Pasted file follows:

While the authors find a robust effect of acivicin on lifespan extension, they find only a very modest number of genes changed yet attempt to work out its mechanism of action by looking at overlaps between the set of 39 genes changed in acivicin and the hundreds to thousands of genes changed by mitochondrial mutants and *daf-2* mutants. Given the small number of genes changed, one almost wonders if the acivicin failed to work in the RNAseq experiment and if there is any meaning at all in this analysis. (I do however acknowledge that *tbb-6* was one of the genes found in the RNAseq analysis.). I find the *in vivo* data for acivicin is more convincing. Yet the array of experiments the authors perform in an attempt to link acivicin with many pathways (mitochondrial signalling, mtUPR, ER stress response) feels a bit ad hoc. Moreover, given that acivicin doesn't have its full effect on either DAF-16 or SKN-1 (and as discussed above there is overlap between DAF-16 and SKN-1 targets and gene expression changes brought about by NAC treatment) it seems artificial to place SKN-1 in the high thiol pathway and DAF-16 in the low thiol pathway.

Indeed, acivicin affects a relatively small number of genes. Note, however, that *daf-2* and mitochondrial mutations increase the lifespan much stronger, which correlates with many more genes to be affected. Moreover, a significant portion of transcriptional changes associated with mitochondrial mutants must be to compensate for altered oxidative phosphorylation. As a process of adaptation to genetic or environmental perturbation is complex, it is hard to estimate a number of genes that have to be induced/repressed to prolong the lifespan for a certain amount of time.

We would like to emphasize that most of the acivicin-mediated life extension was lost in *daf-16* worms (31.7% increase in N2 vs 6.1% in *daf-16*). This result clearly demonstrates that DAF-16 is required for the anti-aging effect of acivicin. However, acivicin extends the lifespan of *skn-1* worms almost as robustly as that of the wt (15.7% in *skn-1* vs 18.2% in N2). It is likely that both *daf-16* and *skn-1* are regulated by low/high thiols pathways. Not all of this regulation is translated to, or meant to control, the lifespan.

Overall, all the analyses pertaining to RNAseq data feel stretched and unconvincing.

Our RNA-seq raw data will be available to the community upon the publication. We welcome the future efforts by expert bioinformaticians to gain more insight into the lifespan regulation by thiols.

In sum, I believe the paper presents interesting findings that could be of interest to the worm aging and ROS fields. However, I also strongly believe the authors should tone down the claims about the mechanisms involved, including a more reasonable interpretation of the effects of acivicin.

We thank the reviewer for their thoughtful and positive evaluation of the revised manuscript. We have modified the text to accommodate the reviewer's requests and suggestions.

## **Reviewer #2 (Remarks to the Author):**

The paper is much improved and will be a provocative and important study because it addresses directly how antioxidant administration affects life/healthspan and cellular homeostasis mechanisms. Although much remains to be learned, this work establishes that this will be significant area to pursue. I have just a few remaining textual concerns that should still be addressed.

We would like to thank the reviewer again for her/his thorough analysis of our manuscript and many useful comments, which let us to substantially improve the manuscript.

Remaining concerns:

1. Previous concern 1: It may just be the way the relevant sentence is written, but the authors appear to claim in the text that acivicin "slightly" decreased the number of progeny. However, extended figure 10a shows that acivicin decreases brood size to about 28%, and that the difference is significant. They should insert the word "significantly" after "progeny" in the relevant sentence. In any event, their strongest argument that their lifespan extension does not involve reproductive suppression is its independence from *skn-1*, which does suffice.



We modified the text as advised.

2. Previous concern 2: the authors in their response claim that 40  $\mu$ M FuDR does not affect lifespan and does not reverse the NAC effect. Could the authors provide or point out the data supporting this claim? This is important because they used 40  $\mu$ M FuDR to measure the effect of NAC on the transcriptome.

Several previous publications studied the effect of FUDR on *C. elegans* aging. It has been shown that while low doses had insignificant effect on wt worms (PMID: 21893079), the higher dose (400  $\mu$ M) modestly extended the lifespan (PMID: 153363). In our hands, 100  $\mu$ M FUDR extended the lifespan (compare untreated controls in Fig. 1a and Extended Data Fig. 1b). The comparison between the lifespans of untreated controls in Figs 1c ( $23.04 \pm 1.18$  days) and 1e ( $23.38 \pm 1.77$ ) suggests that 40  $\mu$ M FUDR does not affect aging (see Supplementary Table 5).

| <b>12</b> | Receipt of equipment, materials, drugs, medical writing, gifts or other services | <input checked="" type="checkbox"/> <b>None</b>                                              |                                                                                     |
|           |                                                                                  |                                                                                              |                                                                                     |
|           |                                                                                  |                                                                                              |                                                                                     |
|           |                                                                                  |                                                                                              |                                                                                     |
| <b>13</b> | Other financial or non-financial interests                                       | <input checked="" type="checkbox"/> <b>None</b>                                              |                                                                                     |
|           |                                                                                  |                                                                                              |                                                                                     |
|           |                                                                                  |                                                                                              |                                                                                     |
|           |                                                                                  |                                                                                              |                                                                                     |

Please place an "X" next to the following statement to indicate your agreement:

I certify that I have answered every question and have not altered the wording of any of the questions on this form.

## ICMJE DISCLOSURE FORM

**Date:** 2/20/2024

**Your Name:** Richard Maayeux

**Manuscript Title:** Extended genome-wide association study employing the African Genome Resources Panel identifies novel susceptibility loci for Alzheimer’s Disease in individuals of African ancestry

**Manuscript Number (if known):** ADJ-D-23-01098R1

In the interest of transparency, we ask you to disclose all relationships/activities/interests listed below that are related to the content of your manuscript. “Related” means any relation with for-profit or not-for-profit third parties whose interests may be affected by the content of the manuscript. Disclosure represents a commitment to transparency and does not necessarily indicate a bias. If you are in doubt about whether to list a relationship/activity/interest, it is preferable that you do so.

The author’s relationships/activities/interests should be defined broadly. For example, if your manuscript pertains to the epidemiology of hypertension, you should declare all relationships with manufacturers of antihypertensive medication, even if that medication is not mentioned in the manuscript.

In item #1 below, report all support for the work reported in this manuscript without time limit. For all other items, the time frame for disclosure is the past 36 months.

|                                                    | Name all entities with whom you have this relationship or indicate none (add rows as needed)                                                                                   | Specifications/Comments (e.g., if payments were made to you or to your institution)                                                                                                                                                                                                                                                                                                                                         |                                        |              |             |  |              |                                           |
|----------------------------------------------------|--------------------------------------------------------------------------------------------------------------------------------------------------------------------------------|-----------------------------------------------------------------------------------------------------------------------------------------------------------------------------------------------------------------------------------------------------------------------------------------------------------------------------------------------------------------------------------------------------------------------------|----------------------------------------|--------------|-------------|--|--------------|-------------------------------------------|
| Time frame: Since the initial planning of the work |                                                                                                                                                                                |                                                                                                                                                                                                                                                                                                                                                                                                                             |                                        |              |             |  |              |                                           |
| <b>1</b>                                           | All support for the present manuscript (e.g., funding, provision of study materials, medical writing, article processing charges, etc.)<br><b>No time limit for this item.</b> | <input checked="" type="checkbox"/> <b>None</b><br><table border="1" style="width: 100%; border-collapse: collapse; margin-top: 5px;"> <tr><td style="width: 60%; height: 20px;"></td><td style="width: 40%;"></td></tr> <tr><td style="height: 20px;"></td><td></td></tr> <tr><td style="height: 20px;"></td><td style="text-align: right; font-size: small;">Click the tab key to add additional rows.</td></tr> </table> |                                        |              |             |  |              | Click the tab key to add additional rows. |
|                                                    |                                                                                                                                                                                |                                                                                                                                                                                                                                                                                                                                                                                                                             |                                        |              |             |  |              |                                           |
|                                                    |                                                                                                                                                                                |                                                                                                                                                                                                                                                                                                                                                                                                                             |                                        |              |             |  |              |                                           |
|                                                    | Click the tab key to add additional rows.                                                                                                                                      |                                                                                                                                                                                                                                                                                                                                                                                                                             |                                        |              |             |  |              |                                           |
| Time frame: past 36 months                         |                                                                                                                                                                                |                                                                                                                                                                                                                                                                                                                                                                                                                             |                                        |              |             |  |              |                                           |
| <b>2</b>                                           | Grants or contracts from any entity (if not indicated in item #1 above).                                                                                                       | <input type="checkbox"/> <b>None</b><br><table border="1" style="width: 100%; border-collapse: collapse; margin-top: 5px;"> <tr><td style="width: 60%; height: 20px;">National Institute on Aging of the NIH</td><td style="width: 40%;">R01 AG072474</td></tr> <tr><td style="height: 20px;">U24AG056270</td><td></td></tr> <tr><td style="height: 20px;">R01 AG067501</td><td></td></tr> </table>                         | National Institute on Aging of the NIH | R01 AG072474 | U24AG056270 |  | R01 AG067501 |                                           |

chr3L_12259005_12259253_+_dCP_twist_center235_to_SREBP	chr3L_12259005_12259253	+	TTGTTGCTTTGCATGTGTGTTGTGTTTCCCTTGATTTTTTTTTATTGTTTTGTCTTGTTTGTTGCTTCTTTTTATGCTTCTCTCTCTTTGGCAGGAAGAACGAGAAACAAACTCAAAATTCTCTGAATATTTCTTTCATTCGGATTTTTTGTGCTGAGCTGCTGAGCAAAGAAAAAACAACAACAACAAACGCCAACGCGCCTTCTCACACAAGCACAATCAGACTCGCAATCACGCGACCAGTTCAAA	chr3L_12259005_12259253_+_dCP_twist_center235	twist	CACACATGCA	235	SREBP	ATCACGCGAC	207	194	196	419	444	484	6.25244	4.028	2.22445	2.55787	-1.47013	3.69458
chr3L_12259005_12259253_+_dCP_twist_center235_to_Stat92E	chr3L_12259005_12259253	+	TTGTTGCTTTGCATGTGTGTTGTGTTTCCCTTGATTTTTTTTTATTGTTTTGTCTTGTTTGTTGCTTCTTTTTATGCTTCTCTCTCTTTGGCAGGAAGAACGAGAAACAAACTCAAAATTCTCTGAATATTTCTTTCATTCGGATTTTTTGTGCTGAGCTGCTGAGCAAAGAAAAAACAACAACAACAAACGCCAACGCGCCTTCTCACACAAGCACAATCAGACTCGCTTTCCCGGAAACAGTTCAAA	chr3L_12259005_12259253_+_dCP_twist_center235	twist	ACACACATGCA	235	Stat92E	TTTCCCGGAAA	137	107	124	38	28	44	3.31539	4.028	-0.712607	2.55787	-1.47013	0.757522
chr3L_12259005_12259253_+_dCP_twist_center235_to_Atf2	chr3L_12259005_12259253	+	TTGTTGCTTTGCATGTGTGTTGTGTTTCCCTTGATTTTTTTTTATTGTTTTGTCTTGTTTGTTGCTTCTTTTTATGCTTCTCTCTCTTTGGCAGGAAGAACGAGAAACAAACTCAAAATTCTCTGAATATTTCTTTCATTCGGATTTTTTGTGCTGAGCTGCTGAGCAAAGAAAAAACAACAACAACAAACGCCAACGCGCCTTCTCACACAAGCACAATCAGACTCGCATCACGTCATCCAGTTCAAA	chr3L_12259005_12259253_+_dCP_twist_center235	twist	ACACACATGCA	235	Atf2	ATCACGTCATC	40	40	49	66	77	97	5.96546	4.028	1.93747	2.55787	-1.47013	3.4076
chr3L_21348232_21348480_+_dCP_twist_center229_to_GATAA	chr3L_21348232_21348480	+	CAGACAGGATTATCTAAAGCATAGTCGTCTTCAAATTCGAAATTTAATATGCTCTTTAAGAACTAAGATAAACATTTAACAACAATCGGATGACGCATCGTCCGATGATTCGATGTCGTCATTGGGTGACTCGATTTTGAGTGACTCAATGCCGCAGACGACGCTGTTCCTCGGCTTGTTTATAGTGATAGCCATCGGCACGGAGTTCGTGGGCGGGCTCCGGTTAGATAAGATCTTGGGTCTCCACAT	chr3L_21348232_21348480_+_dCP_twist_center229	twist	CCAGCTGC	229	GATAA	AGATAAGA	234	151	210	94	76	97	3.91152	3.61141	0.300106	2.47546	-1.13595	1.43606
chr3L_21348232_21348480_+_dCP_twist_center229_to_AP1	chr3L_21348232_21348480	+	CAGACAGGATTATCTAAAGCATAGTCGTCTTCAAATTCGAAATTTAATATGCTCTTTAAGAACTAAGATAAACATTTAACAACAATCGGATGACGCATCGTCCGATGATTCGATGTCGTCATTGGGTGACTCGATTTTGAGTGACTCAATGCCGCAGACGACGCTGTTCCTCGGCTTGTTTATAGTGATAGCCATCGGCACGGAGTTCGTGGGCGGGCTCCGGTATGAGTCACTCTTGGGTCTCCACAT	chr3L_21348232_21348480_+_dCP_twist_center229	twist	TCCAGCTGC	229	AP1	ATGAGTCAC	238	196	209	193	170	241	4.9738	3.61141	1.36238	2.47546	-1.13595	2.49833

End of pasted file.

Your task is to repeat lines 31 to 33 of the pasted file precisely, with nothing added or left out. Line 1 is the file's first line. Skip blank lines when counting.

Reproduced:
In the interest of transparency, we ask you to disclose all relationships/activities/interests listed below that are related to the content of your manuscript. “Related” means any relation with for-profit or not-for-profit third parties whose interests may be affected by the content of the manuscript. Disclosure represents a commitment to transparency and does not necessarily indicate a bias. If you are in doubt about whether to list a relationship/activity/interest, it is preferable that you do so.

The author’s relationships/activities/interests should be defined broadly. For example, if your manuscript pertains to the epidemiology of hypertension, you should declare all relationships with manufacturers of antihypertensive medication, even if that medication is not mentioned in the manuscript.

In item #1 below, report all support for the work reported in this manuscript without time limit. For all other items, the time frame for disclosure is the past 36 months.